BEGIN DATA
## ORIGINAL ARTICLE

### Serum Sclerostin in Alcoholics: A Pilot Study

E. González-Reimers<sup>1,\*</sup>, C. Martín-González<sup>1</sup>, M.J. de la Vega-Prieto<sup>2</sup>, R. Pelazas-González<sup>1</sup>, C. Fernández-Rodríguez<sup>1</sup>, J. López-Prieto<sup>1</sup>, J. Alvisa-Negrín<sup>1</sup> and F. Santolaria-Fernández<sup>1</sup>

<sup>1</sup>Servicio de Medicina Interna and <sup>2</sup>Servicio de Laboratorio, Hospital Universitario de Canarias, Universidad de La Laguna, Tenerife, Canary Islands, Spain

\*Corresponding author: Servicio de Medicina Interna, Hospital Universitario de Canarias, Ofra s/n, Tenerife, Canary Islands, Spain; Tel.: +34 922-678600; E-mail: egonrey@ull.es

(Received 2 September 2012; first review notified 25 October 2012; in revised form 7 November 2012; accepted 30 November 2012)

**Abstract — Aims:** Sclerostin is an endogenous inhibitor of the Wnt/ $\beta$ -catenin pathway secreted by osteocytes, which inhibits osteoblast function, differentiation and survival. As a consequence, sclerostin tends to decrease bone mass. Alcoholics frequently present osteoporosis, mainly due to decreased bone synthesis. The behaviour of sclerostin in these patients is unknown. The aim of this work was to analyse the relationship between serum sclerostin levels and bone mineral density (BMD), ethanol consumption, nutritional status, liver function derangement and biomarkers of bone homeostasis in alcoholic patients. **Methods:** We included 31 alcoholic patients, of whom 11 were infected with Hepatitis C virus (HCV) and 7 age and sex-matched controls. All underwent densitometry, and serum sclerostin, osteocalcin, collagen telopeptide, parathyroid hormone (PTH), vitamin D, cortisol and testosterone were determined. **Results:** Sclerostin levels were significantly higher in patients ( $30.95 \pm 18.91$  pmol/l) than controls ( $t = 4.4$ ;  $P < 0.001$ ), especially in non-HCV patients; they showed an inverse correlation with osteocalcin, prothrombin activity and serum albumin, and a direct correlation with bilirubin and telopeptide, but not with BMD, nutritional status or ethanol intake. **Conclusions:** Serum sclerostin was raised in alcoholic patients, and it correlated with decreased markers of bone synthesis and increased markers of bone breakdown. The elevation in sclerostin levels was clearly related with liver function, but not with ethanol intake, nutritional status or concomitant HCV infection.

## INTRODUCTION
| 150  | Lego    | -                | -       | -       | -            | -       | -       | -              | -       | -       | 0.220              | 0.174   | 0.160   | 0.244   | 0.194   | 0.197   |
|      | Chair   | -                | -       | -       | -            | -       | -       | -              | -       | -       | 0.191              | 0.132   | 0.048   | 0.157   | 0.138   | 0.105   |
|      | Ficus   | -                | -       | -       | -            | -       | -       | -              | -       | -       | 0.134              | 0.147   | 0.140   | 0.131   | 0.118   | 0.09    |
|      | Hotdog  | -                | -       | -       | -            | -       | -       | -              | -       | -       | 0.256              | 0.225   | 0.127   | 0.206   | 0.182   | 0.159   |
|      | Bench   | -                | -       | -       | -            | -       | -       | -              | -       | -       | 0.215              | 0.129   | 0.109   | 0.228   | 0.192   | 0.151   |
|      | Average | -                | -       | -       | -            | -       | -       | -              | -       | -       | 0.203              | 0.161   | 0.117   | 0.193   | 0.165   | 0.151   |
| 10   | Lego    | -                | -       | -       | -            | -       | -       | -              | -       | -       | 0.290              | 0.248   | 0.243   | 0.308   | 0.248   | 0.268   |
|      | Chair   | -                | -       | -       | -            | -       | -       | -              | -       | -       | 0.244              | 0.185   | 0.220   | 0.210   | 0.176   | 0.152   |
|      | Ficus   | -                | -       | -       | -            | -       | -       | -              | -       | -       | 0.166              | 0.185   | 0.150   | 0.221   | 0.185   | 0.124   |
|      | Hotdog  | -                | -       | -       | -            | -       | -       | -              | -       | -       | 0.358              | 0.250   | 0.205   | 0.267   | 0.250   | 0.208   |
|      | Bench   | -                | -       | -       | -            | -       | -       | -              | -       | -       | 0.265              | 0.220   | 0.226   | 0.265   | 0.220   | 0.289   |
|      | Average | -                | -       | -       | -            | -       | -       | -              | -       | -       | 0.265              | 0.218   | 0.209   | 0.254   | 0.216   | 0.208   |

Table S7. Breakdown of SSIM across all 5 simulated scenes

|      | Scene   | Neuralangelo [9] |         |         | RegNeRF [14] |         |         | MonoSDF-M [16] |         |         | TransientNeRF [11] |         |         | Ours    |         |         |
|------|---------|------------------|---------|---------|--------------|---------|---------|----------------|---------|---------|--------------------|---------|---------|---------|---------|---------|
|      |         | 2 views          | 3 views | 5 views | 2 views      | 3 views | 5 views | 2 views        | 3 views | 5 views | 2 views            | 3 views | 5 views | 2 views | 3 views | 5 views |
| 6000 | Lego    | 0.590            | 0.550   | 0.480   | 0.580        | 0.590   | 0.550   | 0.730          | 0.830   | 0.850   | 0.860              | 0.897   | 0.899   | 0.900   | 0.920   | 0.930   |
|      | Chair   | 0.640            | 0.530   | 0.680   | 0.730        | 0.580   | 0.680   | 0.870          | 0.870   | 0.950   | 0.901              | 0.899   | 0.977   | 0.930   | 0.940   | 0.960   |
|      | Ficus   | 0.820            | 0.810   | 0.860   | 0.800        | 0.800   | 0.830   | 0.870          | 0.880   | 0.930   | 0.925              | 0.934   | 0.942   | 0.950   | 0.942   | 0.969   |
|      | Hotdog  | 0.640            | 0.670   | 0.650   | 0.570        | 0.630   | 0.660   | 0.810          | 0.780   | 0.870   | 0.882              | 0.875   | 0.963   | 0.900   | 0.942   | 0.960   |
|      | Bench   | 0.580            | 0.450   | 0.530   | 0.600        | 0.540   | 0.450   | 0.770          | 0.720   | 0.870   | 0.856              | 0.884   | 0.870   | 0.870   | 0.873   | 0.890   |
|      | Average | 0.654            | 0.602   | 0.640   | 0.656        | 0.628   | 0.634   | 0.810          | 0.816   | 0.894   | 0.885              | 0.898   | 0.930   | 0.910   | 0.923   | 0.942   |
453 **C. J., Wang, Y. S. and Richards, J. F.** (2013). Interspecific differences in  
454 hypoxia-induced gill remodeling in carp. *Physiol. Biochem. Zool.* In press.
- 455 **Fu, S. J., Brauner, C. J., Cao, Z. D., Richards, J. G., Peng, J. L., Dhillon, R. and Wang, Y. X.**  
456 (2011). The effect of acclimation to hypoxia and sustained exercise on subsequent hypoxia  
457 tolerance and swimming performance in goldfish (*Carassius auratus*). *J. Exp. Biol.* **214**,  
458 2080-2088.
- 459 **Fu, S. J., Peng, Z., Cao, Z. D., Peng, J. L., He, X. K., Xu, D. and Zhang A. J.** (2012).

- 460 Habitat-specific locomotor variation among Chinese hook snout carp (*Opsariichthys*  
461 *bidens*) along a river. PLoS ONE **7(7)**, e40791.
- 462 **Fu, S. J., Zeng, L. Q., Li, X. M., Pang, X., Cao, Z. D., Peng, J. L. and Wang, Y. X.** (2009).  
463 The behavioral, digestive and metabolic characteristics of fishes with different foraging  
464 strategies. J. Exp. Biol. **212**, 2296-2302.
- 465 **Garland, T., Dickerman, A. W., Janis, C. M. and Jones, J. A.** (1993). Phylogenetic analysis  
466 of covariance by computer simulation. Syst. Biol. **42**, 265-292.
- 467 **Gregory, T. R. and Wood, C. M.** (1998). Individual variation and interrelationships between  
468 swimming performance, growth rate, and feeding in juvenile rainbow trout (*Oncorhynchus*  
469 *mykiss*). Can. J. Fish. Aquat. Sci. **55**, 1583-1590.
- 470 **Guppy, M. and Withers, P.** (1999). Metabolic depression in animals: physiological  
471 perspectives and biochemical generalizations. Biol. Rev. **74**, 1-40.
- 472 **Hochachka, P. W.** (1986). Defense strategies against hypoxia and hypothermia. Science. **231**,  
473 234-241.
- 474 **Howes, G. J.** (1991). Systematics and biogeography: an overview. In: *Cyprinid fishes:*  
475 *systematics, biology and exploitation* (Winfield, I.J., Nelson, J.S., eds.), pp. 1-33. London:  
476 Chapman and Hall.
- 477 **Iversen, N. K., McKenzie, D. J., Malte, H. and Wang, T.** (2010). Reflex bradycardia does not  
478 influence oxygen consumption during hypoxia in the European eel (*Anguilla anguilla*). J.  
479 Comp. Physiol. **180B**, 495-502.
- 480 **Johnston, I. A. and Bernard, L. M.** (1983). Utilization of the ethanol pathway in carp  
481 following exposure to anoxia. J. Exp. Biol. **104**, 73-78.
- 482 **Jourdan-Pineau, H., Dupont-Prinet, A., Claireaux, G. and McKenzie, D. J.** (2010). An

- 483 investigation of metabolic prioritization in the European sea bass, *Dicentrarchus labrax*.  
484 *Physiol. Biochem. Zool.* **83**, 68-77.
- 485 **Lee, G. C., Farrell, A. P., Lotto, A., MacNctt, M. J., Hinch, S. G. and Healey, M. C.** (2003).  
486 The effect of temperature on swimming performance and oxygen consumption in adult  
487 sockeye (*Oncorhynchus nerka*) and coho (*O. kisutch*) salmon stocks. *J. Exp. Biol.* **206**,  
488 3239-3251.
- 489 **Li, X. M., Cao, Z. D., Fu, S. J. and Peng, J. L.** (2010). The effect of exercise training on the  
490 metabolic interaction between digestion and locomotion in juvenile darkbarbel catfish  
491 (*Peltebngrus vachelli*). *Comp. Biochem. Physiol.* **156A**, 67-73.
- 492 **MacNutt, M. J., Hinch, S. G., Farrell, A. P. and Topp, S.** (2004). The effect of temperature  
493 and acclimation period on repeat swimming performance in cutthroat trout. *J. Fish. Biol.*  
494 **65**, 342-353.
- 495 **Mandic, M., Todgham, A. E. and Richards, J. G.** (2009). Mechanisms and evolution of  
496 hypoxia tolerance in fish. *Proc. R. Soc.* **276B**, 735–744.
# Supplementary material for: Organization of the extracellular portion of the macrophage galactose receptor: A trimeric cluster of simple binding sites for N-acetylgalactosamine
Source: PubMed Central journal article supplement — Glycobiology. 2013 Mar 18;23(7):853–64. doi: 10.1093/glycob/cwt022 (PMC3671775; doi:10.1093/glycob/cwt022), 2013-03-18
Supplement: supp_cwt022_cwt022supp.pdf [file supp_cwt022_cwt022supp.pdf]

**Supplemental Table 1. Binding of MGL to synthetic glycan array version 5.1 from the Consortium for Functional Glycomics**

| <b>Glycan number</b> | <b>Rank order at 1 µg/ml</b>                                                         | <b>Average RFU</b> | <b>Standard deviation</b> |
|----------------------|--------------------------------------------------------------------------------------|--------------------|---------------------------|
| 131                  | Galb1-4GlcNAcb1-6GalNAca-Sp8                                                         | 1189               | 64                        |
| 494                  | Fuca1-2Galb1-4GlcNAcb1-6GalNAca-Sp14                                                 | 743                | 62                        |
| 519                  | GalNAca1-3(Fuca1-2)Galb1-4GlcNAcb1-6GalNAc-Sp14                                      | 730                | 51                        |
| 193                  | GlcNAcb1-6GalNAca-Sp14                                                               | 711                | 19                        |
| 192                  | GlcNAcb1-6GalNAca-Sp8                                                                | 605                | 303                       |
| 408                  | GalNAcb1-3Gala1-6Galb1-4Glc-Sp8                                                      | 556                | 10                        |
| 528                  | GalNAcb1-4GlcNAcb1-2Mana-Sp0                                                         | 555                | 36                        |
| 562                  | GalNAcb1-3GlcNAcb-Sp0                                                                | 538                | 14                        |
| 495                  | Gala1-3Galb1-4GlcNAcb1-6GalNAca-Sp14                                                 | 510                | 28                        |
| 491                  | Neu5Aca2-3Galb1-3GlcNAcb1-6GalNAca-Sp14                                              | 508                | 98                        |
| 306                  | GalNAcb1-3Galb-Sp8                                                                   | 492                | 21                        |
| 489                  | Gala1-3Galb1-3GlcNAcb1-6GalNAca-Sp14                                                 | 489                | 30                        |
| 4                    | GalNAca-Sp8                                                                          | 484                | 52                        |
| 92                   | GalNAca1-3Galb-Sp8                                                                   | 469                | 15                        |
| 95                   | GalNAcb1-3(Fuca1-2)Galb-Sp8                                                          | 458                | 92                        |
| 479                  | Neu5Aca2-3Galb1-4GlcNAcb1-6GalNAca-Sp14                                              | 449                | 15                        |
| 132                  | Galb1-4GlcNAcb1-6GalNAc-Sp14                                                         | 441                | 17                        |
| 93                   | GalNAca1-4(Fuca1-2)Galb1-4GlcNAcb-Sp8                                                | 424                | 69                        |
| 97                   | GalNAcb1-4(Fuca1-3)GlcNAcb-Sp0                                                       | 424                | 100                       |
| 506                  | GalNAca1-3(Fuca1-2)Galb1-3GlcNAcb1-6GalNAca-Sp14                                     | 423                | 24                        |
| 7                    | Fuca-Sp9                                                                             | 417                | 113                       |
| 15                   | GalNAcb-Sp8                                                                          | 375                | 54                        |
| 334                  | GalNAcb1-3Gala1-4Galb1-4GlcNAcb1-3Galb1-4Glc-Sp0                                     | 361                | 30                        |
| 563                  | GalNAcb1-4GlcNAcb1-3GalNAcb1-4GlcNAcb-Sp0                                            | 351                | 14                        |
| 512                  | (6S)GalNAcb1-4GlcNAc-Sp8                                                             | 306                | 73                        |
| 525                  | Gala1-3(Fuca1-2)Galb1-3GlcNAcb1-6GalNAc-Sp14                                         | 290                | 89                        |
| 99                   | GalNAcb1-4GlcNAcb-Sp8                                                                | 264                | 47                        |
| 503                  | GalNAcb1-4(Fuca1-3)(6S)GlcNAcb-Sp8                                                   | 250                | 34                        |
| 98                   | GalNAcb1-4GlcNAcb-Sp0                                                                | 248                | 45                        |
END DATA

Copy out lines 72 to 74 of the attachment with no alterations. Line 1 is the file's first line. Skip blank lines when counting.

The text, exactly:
494 **65**, 342-353.
- 495 **Mandic, M., Todgham, A. E. and Richards, J. G.** (2009). Mechanisms and evolution of  
496 hypoxia tolerance in fish. *Proc. R. Soc.* **276B**, 735–744.